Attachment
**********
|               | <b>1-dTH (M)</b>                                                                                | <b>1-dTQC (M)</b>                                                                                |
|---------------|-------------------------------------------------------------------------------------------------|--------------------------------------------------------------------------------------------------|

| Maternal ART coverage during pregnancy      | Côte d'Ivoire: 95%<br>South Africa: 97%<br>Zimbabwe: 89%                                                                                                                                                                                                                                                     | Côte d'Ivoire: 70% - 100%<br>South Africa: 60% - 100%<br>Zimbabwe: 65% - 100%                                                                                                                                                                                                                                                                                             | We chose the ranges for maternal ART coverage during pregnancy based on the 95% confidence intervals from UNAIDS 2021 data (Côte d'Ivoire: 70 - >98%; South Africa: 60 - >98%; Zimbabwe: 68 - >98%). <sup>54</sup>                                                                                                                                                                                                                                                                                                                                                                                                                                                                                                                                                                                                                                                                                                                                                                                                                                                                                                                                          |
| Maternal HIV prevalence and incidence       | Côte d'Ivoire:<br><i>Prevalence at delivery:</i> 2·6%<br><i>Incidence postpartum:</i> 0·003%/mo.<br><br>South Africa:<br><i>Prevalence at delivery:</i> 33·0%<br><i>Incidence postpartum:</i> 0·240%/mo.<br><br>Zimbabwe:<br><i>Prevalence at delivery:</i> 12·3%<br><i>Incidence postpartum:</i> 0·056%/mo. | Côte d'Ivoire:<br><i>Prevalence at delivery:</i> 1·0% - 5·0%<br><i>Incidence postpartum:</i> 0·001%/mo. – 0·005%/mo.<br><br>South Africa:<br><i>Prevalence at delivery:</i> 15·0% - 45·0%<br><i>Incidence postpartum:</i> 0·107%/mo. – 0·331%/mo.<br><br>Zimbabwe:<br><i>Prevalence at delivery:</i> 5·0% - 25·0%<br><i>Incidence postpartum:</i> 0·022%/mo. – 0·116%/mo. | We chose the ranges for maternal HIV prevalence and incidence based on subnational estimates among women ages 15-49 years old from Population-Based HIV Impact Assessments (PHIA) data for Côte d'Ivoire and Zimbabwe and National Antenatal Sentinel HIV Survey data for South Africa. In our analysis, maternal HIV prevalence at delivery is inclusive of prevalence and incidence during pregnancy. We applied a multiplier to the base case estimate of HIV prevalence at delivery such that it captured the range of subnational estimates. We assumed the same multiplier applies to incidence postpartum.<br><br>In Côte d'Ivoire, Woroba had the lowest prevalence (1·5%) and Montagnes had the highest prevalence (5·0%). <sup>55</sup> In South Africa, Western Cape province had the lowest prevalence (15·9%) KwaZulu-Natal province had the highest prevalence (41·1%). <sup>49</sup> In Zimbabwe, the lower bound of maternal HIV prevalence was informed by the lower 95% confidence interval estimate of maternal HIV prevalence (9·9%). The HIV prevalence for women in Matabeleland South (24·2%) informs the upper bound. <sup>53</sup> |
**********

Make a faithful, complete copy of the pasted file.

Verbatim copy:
|               | <b>1-dTH (M)</b>                                                                                | <b>1-dTQC (M)</b>                                                                                |
|---------------|-------------------------------------------------------------------------------------------------|--------------------------------------------------------------------------------------------------|

| Maternal ART coverage during pregnancy      | Côte d'Ivoire: 95%<br>South Africa: 97%<br>Zimbabwe: 89%                                                                                                                                                                                                                                                     | Côte d'Ivoire: 70% - 100%<br>South Africa: 60% - 100%<br>Zimbabwe: 65% - 100%                                                                                                                                                                                                                                                                                             | We chose the ranges for maternal ART coverage during pregnancy based on the 95% confidence intervals from UNAIDS 2021 data (Côte d'Ivoire: 70 - >98%; South Africa: 60 - >98%; Zimbabwe: 68 - >98%). <sup>54</sup>                                                                                                                                                                                                                                                                                                                                                                                                                                                                                                                                                                                                                                                                                                                                                                                                                                                                                                                                          |
| Maternal HIV prevalence and incidence       | Côte d'Ivoire:<br><i>Prevalence at delivery:</i> 2·6%<br><i>Incidence postpartum:</i> 0·003%/mo.<br><br>South Africa:<br><i>Prevalence at delivery:</i> 33·0%<br><i>Incidence postpartum:</i> 0·240%/mo.<br><br>Zimbabwe:<br><i>Prevalence at delivery:</i> 12·3%<br><i>Incidence postpartum:</i> 0·056%/mo. | Côte d'Ivoire:<br><i>Prevalence at delivery:</i> 1·0% - 5·0%<br><i>Incidence postpartum:</i> 0·001%/mo. – 0·005%/mo.<br><br>South Africa:<br><i>Prevalence at delivery:</i> 15·0% - 45·0%<br><i>Incidence postpartum:</i> 0·107%/mo. – 0·331%/mo.<br><br>Zimbabwe:<br><i>Prevalence at delivery:</i> 5·0% - 25·0%<br><i>Incidence postpartum:</i> 0·022%/mo. – 0·116%/mo. | We chose the ranges for maternal HIV prevalence and incidence based on subnational estimates among women ages 15-49 years old from Population-Based HIV Impact Assessments (PHIA) data for Côte d'Ivoire and Zimbabwe and National Antenatal Sentinel HIV Survey data for South Africa. In our analysis, maternal HIV prevalence at delivery is inclusive of prevalence and incidence during pregnancy. We applied a multiplier to the base case estimate of HIV prevalence at delivery such that it captured the range of subnational estimates. We assumed the same multiplier applies to incidence postpartum.<br><br>In Côte d'Ivoire, Woroba had the lowest prevalence (1·5%) and Montagnes had the highest prevalence (5·0%). <sup>55</sup> In South Africa, Western Cape province had the lowest prevalence (15·9%) KwaZulu-Natal province had the highest prevalence (41·1%). <sup>49</sup> In Zimbabwe, the lower bound of maternal HIV prevalence was informed by the lower 95% confidence interval estimate of maternal HIV prevalence (9·9%). The HIV prevalence for women in Matabeleland South (24·2%) informs the upper bound. <sup>53</sup> |